Rivers provide invaluable resources - water for drinking or domestic use, agriculture, habitat for plants and animals, transportation, energy, and recreation.
River water is undoubtedly one of the most important resources on our planet.
Periodic testing by the Pollution Control Department (PCD) and the Ministry of Public Health (MOPH) indicates that there is evidence of heavy pollution in the lower basin of the Chao Phraya River.
The Chao Phraya River exhibited serious organic and bacterial pollution that was a threat to many aquatic species. Similarly, water quality was heavily degraded due to discharges from industrial, domestic and rural inflows. Nitrates and phosphates used in agriculture and washing detergents are also serious contaminants leading to excessive algal or plant growth, which can in turn lead to eutrophication and serious water degradation.
Water quality deteriorates quickly when large volumes of effluent and organic matter enter the river system
The Chao Phraya River and the Thai Way
Rivers and water symbolism are inextricably bound up with Thai village and cultural life. Water is the incubator for the staple foods of rice and fish. It is the principal element in rites of passage and in Thailand 's two most important festivals, Songkran and Loy Kratong. Its soft sensuality pervades the flowing lines of Sukhothai Buddha images, and the sinuous lines and planes that proliferate in wat (monastery) architecture and mural paintings.
The river provides an allegory of the Thai mode of negotiating life's obstacles: it does not confront them, it flows around them. Thais do not lives as independent entities, they blend their lives together, melding through consensus and compromise to preserve a liquid continuity whose surface, while often masking turmoil and contradiction, serves to lubricate social interaction.
- Steve Van Beek, 'The Chao Phya: River in Transition'
We can begin to recognise trends and patterns in Chao Phraya water quality by taking physical, chemical, and biological measurements of the river.
In an attempt to devise a system to evaluate water quality for easy comparison between different sites, the National Sanitation Foundation (NSF) created and designed a standard index, called the Water Quality Index (WQI).
The WQI is one of the most widely used of all existing water quality indices. It was developed in 1970 and can be used to measure water quality changes in a particular river over time, compare water quality from different sections of the same river, and even compare water quality of different rivers. The results can be used to determine if a particular stretch of the river is in a good healthy state or not.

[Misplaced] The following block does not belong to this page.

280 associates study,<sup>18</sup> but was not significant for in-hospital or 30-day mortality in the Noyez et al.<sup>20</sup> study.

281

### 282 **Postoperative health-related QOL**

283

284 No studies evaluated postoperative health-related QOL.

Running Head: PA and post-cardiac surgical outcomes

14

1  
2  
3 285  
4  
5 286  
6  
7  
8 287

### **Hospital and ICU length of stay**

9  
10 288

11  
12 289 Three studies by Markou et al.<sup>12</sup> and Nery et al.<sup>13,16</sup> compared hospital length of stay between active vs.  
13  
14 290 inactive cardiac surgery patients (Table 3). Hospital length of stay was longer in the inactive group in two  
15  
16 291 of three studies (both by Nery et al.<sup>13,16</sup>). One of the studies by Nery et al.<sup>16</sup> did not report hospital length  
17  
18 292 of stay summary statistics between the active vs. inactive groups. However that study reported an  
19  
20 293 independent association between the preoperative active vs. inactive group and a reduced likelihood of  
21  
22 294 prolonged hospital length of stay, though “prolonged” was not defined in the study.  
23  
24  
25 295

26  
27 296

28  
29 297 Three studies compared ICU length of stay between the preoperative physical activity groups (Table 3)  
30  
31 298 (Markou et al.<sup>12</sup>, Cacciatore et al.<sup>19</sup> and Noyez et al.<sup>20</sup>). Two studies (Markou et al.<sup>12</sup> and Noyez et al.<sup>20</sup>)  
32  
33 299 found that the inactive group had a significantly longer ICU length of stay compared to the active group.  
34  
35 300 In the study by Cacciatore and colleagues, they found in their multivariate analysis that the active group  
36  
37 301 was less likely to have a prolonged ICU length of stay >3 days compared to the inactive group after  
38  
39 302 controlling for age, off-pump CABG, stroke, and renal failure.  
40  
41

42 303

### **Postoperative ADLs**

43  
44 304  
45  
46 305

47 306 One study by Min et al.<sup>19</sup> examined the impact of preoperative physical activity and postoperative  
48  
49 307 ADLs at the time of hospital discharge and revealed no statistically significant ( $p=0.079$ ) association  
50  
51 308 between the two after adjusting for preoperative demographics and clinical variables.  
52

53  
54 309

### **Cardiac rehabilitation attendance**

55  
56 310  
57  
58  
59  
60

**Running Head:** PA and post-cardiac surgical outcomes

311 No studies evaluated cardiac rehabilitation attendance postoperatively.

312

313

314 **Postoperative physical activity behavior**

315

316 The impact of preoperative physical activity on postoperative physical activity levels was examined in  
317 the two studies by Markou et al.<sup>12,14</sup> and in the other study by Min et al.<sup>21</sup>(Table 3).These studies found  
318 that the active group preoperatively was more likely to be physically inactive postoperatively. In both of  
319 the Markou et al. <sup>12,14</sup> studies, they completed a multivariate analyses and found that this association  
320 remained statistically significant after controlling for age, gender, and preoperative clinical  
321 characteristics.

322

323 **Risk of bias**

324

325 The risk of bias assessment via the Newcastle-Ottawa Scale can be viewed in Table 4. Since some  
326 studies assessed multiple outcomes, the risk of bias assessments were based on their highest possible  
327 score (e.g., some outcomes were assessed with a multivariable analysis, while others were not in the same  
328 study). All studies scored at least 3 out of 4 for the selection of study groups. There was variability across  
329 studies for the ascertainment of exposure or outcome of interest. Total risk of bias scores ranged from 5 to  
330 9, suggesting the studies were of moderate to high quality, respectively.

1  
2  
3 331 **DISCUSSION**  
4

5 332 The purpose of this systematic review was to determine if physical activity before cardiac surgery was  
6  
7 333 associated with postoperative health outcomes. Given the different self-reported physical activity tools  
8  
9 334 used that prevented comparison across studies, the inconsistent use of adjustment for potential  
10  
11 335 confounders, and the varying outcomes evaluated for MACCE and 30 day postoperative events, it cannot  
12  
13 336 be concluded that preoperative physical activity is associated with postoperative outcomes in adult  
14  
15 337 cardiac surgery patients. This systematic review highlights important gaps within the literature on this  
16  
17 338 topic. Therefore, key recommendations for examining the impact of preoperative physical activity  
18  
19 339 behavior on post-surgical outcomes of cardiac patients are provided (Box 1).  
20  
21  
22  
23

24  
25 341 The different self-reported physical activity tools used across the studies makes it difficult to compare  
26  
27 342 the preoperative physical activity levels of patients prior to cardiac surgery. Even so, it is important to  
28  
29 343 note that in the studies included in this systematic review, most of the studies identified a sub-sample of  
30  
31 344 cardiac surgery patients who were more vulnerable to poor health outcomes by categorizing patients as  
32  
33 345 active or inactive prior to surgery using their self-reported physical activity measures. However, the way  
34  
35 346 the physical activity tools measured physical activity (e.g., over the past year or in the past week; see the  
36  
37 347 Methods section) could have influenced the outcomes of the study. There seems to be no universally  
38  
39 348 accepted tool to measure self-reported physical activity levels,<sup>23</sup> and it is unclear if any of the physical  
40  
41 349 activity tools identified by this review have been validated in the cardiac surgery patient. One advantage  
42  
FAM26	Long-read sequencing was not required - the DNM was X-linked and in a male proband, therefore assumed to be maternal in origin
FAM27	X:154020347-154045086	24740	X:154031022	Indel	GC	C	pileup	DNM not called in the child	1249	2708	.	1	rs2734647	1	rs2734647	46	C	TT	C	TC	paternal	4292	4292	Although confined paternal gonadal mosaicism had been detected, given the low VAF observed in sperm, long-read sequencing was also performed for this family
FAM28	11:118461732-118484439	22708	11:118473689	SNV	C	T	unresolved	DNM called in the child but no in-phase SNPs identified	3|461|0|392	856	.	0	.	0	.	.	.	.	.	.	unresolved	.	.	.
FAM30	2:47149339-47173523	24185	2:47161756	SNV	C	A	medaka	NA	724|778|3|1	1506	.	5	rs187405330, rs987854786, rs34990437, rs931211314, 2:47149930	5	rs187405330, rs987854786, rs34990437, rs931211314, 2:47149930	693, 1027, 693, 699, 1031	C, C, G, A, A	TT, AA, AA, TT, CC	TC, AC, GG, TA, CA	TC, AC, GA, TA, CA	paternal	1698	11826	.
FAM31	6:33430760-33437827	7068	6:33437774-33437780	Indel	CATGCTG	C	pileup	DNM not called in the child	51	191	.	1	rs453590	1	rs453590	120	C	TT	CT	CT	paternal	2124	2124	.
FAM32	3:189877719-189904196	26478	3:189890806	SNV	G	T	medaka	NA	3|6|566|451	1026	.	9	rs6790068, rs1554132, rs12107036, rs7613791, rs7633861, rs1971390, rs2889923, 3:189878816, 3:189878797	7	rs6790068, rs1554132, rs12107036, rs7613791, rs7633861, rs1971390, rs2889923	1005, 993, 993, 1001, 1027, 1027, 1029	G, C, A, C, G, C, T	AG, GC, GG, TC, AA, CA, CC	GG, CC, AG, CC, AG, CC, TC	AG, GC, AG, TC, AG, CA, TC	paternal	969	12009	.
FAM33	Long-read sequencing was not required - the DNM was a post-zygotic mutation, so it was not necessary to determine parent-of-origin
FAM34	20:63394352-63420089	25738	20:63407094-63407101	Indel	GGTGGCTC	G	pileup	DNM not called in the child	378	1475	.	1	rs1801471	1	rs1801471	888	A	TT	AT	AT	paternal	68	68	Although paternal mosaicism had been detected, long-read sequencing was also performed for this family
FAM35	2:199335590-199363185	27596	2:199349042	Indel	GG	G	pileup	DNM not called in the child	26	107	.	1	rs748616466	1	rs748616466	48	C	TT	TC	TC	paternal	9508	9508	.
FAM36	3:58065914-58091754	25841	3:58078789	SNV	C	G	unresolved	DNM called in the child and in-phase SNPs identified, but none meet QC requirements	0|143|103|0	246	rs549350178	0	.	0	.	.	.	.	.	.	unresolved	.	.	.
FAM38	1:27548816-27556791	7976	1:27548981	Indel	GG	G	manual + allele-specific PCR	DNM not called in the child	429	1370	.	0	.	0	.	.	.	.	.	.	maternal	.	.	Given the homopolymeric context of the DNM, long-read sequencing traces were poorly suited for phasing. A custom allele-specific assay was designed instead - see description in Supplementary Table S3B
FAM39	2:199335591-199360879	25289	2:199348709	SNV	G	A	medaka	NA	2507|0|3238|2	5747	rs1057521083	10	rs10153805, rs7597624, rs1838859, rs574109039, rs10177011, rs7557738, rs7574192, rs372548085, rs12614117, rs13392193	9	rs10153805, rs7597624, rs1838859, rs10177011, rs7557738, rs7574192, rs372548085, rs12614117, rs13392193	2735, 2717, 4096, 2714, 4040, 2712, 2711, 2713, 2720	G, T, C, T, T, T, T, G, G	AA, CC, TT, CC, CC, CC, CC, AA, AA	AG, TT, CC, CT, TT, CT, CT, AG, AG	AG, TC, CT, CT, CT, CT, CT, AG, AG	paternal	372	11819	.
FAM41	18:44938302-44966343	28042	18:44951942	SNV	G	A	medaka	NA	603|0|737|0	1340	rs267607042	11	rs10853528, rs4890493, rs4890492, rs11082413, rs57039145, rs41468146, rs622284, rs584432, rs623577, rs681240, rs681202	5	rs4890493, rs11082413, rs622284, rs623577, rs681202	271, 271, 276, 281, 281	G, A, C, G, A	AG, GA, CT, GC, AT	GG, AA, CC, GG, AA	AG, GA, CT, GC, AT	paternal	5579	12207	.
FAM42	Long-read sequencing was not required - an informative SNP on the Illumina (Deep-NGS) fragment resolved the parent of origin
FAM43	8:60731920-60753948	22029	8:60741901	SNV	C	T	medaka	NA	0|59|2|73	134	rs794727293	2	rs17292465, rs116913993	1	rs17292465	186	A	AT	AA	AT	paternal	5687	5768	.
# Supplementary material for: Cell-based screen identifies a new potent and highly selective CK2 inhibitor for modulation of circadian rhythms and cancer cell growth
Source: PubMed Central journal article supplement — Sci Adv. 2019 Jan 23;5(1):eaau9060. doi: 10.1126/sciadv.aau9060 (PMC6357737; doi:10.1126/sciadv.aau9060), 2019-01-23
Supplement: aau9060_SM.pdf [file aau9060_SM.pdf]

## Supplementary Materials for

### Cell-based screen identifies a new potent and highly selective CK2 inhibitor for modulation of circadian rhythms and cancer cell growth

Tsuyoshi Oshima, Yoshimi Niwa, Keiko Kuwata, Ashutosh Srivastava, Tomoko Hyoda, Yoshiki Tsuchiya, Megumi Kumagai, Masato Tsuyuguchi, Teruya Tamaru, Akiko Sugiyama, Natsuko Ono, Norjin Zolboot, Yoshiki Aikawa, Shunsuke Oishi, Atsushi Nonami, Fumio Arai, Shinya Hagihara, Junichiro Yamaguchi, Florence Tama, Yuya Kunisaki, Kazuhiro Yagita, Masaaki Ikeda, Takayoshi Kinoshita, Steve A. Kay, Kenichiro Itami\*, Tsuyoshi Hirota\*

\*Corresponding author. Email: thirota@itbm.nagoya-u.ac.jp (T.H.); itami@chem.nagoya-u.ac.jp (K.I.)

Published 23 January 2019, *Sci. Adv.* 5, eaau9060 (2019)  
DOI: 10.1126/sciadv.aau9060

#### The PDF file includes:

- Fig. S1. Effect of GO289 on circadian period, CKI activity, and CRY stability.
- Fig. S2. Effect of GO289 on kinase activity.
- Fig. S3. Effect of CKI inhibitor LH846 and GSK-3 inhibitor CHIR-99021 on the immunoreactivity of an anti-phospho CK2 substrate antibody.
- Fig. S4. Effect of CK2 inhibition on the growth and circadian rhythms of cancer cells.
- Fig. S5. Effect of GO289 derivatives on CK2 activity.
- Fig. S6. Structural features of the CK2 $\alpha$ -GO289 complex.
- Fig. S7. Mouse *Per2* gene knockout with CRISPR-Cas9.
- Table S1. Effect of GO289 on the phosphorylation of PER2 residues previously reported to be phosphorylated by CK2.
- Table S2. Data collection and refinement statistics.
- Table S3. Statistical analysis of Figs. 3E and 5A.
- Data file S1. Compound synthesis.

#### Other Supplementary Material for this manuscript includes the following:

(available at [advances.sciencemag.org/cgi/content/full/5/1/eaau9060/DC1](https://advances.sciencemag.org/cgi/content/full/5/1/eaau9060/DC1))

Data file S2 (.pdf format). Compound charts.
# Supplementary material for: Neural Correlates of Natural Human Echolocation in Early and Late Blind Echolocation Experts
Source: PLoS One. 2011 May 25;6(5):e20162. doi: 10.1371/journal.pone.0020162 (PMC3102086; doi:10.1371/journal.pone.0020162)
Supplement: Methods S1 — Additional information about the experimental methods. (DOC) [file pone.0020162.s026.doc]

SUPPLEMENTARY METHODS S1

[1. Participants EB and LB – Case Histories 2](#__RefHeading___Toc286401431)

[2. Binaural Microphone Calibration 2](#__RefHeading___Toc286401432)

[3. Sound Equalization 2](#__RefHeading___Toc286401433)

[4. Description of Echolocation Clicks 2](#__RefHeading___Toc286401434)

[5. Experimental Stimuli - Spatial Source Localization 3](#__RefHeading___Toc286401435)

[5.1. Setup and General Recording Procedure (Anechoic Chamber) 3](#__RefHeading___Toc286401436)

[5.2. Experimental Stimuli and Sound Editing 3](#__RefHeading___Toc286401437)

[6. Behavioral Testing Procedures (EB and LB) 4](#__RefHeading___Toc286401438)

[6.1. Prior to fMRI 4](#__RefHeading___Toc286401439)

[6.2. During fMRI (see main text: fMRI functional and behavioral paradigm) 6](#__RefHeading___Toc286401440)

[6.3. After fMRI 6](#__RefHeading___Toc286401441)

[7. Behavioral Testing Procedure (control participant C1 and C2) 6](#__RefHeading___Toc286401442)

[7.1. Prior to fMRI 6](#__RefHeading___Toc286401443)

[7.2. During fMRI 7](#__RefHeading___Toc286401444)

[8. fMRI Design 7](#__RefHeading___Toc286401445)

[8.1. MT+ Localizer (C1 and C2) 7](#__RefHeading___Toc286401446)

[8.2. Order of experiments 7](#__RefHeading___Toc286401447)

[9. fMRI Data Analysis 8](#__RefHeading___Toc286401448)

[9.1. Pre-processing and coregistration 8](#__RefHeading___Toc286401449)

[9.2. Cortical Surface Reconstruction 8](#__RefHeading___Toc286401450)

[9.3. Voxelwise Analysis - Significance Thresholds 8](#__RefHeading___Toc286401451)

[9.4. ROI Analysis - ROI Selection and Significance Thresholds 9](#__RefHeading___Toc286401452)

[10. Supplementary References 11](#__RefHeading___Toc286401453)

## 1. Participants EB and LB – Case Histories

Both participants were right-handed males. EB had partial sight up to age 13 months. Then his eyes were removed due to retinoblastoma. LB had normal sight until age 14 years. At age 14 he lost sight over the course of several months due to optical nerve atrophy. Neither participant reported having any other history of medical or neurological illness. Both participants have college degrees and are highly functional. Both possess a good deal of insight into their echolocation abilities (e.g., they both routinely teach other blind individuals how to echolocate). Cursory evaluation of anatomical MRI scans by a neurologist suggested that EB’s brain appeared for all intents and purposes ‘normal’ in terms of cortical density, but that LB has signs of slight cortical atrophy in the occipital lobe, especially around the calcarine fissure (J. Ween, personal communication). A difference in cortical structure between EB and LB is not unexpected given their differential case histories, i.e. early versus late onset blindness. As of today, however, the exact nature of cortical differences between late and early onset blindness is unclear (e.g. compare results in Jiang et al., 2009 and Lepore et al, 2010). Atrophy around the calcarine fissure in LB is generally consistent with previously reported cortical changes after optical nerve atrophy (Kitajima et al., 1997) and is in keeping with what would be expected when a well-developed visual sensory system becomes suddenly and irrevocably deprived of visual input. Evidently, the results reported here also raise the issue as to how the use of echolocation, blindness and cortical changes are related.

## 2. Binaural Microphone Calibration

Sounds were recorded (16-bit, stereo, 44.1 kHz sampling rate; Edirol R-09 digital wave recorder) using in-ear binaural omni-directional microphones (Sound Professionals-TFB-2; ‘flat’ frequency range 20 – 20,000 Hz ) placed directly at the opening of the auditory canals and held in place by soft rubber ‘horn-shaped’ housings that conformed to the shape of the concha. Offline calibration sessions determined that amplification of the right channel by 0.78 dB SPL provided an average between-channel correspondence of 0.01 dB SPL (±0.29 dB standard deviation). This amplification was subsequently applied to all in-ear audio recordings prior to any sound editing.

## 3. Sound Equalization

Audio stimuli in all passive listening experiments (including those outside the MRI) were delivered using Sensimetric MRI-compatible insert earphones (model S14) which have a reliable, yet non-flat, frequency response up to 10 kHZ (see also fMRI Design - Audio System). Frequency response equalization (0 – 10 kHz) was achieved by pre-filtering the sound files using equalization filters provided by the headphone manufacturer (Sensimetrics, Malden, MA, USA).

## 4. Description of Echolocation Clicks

To determine the WQI, nine tests are performed. These include measuring dissolved oxygen, faecal coliform bacteria, pH, biochemical oxygen demand, temperature change, phosphates, nitrates, turbidity, and total dissolved solids.
A water sample for WQI analysis is collected (source: riverkeeper.org).
After completing the nine tests, the results are recorded and converted to a unit-less number called the Q-value. Each parameter has its own weighting curve chart for making this conversion. This is the only way that the data from different parameters can be compared.
The data is then processed further by multiplying the Q-values by its weighting factor. The weighting factors allow us to account for the varying levels of significance of the different tests. Finally, these values are added together to obtain the WQI which scores the cleanliness of the water on a scale from 0-100.
On the barge program we regularly collect water samples and perform WQI tests on those samples. Some of this data is presented here, showing some of the monthly average values from the Chao Phraya WQI, from November 2008 to January 2010.
Our data collection is done mainly with students during barge trips throughout the year spanning Thailand’s three seasons: cool season from October to February; hot season from March to May; and rainy season from June to September. At this time we do not have any data for those months missing from these graphs. Error bars show the standard error of the mean.
Fig.1. Chao Phraya average monthly Water Quality Index (WQI) values (Jan 2010-Nov 2008)
Fig.2. Biological parameters of Chao Phraya River water quality - average monthly Q value for Fecal Coliform (FC) and Biological Oxygen Demand (BOD) (Jan 2010-Nov 2008).
Fig.3. Chemical parameters of Chao Phraya River water quality – average monthly Q value for Dissolved Oxygen (DO) and pH (Jan 2010-Nov 2008).
Fig. 4. Chemical parameters of Chao Phraya River water quality – average monthly Q value for Phosphate and Nitrate (Jan 2010-Nov 2008).
The best water quality on average is found in the river during the month of January, and the lowest quality during August. This could be attributed to the level of faecal coliforms, and BOD levels indicating bacteria in the water during August from fig.2. Dissolved oxygen levels are also very low in August which is to be expected since the levels of bacteria in the water were also very high, and require oxygen to respire. Phosphate and nitrate levels tend not to fluctuate significantly during the time scale.
The data gathering continues...
Another group of students enter the barge for another data of data collection and water related discussions on the Chao Phraya upstream of Bangkok.